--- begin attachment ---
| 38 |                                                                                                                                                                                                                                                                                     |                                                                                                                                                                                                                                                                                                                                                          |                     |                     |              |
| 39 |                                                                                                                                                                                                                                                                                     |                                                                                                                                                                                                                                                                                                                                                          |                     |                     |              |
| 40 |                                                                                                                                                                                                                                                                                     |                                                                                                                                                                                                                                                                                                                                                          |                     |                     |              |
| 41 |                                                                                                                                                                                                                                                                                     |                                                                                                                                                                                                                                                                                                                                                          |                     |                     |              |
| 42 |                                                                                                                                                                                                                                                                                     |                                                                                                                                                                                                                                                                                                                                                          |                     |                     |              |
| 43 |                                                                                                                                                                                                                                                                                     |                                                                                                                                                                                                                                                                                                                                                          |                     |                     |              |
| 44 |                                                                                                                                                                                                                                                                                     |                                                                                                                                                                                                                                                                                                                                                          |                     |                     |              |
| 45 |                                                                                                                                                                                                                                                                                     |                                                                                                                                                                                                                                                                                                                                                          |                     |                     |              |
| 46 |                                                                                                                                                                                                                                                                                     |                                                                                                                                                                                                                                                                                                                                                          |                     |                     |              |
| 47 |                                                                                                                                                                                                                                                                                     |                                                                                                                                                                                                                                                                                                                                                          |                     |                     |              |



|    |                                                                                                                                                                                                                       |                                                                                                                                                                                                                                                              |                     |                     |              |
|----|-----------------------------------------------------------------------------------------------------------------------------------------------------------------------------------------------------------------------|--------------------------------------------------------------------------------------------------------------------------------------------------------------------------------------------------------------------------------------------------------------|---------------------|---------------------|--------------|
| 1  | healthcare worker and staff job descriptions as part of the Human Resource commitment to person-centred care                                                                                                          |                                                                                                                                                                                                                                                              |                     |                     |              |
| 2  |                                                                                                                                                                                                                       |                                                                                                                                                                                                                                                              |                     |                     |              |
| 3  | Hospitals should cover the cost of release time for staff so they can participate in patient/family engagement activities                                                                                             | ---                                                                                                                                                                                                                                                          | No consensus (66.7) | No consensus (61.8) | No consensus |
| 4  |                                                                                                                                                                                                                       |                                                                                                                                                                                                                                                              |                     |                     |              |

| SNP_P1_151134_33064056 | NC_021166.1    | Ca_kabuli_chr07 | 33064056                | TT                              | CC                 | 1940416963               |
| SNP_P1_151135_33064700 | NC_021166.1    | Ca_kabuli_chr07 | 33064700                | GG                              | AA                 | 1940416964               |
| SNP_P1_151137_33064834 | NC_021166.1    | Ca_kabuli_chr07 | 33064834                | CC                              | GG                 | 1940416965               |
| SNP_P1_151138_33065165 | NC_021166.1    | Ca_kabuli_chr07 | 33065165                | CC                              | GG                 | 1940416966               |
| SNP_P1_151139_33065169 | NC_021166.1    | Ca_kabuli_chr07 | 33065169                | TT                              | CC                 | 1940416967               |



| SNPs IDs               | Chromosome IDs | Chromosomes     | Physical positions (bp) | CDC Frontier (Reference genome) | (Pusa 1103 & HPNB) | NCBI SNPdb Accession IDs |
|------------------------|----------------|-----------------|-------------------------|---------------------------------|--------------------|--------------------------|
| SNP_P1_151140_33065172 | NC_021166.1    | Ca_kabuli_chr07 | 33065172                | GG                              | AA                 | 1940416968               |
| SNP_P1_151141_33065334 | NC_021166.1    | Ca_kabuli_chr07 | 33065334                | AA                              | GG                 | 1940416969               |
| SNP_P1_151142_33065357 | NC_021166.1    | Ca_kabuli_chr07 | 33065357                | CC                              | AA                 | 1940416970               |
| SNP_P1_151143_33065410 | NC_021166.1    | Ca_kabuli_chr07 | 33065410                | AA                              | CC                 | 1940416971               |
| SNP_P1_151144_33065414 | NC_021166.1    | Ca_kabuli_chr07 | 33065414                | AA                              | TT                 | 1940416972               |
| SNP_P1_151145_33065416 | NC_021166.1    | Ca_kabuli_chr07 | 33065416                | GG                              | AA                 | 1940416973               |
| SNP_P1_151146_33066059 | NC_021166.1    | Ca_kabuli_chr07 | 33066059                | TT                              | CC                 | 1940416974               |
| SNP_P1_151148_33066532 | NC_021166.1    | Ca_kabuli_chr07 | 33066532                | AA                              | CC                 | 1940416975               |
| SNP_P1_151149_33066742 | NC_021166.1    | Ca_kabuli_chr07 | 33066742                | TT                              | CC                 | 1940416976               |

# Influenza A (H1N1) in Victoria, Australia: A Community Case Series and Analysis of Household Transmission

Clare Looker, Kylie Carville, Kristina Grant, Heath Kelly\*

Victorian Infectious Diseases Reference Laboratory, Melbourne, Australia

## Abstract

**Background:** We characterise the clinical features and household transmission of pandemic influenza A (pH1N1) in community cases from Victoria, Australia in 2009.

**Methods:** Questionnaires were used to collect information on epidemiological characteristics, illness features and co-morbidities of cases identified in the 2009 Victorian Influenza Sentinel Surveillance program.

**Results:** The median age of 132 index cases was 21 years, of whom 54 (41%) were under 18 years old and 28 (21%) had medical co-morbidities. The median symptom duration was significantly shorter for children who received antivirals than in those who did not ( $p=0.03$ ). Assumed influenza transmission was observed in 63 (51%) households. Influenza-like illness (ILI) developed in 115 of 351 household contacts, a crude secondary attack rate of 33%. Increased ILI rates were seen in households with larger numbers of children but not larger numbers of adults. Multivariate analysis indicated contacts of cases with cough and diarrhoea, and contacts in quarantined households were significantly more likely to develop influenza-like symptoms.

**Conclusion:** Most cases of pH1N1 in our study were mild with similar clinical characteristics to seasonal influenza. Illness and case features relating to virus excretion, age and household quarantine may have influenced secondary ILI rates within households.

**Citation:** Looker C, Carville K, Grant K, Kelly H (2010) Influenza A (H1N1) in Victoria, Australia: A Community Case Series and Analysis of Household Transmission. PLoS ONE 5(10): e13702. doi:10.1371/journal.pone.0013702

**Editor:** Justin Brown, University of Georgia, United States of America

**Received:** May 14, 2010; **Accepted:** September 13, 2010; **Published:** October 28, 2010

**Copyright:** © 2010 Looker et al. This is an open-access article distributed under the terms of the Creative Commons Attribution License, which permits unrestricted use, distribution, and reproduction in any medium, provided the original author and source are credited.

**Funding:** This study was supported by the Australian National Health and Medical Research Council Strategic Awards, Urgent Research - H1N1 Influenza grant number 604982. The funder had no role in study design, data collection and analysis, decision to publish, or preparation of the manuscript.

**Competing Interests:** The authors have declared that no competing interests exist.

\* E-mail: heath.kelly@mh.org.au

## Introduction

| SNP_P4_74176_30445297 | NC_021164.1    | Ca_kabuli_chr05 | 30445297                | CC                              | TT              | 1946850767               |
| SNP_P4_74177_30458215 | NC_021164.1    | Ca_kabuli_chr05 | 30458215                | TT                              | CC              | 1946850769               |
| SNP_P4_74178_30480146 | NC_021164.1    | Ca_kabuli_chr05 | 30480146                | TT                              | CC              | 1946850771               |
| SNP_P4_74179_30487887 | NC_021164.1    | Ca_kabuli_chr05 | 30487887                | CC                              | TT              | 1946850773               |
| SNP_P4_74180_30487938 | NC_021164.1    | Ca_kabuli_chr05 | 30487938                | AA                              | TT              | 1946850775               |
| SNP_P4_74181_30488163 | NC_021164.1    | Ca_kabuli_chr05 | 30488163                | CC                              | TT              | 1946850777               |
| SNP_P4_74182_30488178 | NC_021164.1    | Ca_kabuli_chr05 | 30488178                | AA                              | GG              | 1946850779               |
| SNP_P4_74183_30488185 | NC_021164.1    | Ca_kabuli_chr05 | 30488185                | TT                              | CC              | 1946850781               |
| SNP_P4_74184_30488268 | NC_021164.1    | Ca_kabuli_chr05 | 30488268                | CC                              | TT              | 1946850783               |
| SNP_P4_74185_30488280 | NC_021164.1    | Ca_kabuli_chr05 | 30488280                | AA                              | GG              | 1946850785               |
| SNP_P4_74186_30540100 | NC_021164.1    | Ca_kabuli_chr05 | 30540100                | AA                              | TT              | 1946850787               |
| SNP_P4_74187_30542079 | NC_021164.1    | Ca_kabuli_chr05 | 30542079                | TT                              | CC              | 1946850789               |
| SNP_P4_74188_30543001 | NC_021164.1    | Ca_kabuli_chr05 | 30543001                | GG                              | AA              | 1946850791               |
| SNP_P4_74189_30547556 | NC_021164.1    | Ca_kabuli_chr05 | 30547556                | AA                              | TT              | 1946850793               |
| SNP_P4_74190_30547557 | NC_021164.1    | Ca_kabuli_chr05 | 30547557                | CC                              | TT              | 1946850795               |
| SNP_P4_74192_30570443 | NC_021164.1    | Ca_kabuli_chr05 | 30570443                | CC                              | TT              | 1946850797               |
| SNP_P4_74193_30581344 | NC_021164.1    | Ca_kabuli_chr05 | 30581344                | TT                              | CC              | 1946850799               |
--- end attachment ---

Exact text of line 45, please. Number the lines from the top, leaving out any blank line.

**Funding:** This study was supported by the Australian National Health and Medical Research Council Strategic Awards, Urgent Research - H1N1 Influenza grant number 604982. The funder had no role in study design, data collection and analysis, decision to publish, or preparation of the manuscript.